This is the third article in a series about Florida’s rapidly evolving property insurance landscape. Here are links to read part 1: Why Florida’s property insurance market is a dumpster fire; and part 2: Property insurance reserves vs. Chris Sprowls’ patience.
Reinsurance costs are rising, and struggling property insurers are begging lawmakers to throw them a lifeline during a May 23rd Special Session. But industry experts say that lowering reinsurance costs by making it easier for insurers on the brink of insolvency to access Florida’s Hurricane Catastrophe Fund would only be a temporary fix that rewards bad management. We unpack the issue here.
Reinsurance: insurance for insurers
Reinsurance, in simple terms, is insurance for insurance companies that protects against catastrophic losses from major events like a hurricane – events that deal substantial damage to a large number of the properties underwritten by an insurer. Reinsurance companies examine an insurer’s portfolio and then price reinsurance coverage based on the risk level.
Reinsurance coverage is renewed on an annual basis, and in Florida the renewal deadline for many companies is June 1st. Most solvent insurance companies have already secured reinsurance well ahead of that point, but a number of less-well capitalized companies are currently struggling to find reinsurance coverage they can afford.
The lack of adequate reinsurance protection could cause an insurer to be declared insolvent, leaving homeowners unprotected. For example, FedNat, an insurer headquartered in Sunrise, Florida, was given a deadline of July 1st to demonstrate to the Florida Office of Insurance Regulation that it has secured adequate reinsurance to protect its 152,000 Florida policyholders.
Rising reinsurance costs are squeezing insurance companies
Florida property insurers are being squeezed on multiple fronts including excessive litigation and rampant fraud. But rising reinsurance costs are also a factor. This past year, a number of catastrophic insurance losses around the world – such as windstorms, wildfires, floods and earthquakes – have combined to eat through a substantial portion of reinsurance reserves. Those events, combined with rising interest rates in the financial sector, means there are safer places for investors to make money than placing it at risk as collateral in the reinsurance market.
Taken together, the catastrophic losses and rising interest rates mean there is less capital available to be used as an emergency reinsurance backstop for property insurers, driving up the prices that reinsurers can charge for their coverage. Those rising reinsurance costs factor prominently on the balance sheet of property insurance companies, like FedNat, that are already struggling to make ends meet. Reinsurance costs eat up a substantial chunk of every premium collected from a homeowner, leaving insurers with little left to pay out claims or make a profit.
The hope of a Cat Fund “lifeline”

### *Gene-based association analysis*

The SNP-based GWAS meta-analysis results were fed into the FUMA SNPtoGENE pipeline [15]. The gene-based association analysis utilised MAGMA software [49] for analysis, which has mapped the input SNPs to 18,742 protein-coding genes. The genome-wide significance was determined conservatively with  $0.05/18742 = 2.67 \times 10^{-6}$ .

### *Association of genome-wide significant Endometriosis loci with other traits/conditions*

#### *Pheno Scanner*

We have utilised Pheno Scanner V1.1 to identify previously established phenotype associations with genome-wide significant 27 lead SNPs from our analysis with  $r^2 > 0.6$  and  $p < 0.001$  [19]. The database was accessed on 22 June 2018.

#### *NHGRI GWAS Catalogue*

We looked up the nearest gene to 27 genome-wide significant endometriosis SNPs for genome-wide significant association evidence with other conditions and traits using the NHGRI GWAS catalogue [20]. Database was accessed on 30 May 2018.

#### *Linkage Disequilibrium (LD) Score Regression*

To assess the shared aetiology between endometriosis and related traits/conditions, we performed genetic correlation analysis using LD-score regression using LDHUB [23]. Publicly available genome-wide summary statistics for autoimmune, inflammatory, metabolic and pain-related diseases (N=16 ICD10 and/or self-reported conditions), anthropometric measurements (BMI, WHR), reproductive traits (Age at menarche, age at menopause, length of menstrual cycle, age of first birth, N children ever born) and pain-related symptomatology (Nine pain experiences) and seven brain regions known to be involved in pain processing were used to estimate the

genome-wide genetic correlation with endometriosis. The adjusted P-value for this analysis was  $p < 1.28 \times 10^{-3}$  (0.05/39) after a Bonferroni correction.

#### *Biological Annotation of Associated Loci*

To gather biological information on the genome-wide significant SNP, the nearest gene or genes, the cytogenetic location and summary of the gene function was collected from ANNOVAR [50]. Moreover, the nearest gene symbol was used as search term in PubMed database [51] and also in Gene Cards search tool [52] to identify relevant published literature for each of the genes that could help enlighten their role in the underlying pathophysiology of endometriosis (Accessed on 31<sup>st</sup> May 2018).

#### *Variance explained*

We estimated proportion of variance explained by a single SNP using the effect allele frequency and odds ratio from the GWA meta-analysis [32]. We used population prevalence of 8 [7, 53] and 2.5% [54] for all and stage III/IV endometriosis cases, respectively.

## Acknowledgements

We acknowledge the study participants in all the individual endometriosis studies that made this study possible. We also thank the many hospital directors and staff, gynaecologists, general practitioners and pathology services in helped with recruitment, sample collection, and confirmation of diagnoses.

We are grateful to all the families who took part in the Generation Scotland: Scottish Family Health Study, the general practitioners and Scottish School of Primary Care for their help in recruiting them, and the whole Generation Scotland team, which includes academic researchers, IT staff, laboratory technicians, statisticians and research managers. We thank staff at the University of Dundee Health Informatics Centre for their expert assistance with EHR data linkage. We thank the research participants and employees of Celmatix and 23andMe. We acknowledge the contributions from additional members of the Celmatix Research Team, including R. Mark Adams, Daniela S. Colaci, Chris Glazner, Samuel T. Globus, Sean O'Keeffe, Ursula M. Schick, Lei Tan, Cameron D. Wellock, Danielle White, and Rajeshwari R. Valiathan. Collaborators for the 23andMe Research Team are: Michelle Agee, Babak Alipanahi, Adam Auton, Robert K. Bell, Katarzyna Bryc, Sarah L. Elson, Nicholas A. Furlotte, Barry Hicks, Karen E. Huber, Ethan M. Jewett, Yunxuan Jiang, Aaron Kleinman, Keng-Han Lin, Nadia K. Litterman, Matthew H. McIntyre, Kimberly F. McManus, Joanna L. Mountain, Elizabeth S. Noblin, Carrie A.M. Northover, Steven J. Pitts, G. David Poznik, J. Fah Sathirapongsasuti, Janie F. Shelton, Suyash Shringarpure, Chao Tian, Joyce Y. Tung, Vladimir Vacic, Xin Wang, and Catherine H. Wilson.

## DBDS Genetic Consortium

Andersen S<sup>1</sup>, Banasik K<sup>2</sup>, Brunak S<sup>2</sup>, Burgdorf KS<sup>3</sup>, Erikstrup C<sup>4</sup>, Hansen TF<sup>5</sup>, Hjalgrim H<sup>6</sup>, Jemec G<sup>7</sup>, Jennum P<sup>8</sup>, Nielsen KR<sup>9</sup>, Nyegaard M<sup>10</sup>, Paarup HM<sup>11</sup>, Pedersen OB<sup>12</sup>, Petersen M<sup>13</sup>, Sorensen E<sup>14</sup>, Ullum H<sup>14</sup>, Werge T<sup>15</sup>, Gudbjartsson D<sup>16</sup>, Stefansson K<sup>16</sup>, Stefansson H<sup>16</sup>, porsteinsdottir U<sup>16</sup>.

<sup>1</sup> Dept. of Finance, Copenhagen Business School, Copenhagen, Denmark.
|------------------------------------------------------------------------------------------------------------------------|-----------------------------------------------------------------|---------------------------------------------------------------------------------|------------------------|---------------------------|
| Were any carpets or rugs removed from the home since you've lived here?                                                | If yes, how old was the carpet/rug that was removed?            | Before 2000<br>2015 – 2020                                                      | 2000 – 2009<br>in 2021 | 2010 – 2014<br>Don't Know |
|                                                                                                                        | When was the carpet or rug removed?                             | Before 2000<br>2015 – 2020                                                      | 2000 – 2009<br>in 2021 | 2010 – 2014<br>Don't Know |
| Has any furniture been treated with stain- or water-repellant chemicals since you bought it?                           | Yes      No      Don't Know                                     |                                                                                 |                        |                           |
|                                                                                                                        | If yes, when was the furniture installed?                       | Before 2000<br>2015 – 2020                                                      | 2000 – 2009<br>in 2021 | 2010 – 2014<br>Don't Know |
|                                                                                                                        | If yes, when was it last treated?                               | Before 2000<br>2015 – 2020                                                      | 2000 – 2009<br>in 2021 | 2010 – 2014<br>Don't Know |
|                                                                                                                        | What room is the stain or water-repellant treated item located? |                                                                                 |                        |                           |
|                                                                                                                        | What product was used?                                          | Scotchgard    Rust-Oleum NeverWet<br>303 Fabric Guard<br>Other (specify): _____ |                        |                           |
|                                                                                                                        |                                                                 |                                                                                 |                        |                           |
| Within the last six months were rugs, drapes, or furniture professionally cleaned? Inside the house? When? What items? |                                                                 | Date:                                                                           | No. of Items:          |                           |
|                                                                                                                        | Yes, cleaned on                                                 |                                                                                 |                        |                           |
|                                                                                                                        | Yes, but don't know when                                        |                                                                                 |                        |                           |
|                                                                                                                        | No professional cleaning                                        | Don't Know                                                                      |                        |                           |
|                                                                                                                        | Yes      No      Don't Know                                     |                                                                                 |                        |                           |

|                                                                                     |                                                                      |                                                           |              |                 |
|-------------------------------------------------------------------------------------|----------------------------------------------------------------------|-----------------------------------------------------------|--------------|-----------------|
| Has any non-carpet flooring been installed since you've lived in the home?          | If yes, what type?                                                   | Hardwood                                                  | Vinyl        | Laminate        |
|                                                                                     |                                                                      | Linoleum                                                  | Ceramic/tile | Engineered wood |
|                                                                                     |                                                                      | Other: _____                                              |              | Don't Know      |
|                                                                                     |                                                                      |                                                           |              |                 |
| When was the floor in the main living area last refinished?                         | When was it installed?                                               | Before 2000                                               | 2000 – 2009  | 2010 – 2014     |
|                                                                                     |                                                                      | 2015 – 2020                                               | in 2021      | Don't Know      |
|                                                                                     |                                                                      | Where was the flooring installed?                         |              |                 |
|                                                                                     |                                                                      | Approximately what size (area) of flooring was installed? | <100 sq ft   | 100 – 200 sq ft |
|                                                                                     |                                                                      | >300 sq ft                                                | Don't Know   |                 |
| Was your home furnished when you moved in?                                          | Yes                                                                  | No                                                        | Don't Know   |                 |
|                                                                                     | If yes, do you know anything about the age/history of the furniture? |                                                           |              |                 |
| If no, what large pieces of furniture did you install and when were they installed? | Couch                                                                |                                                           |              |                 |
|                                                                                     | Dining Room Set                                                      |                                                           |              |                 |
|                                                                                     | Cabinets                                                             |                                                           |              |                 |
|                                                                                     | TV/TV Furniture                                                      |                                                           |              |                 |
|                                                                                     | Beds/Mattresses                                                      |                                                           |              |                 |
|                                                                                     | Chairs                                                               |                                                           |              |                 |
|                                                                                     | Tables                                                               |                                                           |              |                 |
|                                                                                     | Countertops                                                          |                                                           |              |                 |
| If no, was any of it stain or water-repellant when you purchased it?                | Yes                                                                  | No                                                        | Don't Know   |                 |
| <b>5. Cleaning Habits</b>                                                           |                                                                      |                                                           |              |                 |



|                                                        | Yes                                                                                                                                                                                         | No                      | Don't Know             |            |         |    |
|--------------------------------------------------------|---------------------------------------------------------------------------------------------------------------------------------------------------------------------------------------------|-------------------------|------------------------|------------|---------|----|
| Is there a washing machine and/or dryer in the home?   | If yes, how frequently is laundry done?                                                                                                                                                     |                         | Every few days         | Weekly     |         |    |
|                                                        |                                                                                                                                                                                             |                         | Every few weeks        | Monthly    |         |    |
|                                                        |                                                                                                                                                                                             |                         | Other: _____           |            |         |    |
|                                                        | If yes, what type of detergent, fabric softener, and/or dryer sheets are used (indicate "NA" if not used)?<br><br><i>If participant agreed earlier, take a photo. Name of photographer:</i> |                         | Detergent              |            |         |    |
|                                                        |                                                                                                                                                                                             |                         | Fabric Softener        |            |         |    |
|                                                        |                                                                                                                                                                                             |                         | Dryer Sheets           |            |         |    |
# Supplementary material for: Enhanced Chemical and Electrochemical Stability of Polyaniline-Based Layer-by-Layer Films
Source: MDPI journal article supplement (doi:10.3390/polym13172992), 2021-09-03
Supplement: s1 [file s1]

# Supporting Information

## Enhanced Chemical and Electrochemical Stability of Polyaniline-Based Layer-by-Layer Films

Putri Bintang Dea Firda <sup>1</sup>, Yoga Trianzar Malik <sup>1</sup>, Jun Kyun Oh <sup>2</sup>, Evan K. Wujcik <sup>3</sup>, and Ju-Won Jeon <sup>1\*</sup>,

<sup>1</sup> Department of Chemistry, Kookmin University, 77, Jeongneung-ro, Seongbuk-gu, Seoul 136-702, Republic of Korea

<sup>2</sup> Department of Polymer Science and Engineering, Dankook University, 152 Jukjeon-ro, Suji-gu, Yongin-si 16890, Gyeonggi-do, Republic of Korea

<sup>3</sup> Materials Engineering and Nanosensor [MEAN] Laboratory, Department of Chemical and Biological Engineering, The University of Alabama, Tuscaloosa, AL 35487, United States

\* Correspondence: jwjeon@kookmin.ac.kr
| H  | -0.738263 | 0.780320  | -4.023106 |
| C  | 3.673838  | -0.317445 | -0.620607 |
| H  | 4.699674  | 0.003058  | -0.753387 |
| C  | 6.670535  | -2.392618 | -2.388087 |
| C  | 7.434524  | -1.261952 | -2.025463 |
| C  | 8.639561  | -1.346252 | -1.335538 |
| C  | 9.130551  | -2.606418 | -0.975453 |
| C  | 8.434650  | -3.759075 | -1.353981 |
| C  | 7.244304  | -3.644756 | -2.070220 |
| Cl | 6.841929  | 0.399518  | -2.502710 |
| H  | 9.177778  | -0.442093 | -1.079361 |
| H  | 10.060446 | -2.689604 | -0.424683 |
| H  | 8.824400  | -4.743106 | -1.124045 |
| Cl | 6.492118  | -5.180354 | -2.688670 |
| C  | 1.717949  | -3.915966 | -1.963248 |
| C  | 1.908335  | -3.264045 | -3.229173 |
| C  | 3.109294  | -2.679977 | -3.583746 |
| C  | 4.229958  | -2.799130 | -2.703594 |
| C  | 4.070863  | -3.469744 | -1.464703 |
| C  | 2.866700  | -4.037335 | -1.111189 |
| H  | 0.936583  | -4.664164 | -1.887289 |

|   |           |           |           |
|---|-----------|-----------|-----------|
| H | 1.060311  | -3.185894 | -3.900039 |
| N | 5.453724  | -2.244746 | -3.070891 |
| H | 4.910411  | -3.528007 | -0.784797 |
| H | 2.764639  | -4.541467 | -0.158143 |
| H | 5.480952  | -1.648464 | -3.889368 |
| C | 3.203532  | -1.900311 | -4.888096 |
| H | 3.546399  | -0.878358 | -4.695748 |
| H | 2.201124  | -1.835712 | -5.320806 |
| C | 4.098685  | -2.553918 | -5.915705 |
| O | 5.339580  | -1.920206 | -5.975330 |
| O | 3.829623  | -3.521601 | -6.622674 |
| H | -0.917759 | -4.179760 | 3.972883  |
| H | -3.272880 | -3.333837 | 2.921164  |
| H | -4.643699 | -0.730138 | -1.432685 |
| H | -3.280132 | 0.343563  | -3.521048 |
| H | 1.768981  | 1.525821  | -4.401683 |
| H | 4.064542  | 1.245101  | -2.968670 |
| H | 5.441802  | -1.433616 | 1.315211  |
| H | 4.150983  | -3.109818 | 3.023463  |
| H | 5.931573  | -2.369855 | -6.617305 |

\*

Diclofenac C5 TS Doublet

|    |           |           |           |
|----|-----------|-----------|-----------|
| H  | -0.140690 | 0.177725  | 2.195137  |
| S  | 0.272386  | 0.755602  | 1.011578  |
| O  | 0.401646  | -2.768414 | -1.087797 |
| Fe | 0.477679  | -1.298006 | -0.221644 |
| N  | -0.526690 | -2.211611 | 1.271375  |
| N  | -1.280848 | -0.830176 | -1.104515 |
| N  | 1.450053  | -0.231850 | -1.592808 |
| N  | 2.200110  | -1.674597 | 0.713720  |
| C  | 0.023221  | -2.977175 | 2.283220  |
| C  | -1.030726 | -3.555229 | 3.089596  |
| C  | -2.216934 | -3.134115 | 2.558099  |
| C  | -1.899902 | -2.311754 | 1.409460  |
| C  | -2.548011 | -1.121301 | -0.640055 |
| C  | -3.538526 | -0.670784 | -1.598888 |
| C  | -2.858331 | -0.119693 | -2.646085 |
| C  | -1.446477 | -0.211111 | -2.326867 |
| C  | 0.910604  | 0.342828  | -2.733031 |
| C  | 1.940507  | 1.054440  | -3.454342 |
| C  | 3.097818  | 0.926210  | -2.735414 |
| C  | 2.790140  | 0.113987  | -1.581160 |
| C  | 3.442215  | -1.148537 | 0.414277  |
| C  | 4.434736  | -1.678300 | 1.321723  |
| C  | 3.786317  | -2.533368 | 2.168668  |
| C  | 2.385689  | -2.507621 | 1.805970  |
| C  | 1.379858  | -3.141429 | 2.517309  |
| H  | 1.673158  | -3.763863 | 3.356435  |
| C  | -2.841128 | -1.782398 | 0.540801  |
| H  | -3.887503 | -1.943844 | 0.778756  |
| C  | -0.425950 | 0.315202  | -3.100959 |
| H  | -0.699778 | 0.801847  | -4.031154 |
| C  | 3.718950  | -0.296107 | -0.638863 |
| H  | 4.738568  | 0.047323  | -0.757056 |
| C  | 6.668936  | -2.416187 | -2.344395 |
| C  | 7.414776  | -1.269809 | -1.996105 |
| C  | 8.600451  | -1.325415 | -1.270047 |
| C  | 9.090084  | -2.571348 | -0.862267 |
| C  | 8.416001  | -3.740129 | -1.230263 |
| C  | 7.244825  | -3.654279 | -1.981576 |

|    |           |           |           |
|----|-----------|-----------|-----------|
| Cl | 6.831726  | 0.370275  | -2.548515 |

For many property insurance companies, the upcoming May 23rd Special Legislative Session in Tallahassee is viewed with the hope that lawmakers will take a range of actions that will both lower their overall long-term risk while also helping to cut their costs immediately.
Among the fixes being floated among Florida lawmakers is the potential adjustment of the retention point (basically lowering the deductible level) of the Florida Hurricane Catastrophe Fund (Cat Fund), a trust fund that pays out after certain insurance loss thresholds are met. By lowering the retention point and making it easier for companies to trigger payouts from the Cat Fund, insurers say it will lower their costs by reducing the amount of reinsurance they need to purchase.
Fix Florida’s property insurance market to fix reinsurance
But many industry experts say that any legislative fixes to the reinsurance market may be too little, too late. The session comes only a week before the reinsurance renewal deadline, and any companies still struggling to secure reinsurance are already in dire straights to begin with.
Larger, solvent insurers with adequately diversified risk portfolios will have long before secured reinsurance coverage. In fact, one of the largest reinsurers, RenaissanceRe, says that lowering the retention rate will have little to no impact on their analysis of the situation in Florida.
“That doesn’t change, from RenRe’s perspective,” said RenaissanceRe CEO Kevin O’Donnell in a recent earnings call, “…in what we do or how we’re looking at the market.”
As other experts point out, a drop in the retention point for the Florida Hurricane Catastrophe Fund (FHCF) might help a few companies in the short term, but the real problem remains the excessive litigation and fraudulent claims crisis that has created uncertainty for reinsurers and reduced the appetite to offer adequate reinsurance protection.
In short, fix the property insurance market, and the reinsurance market will fix itself.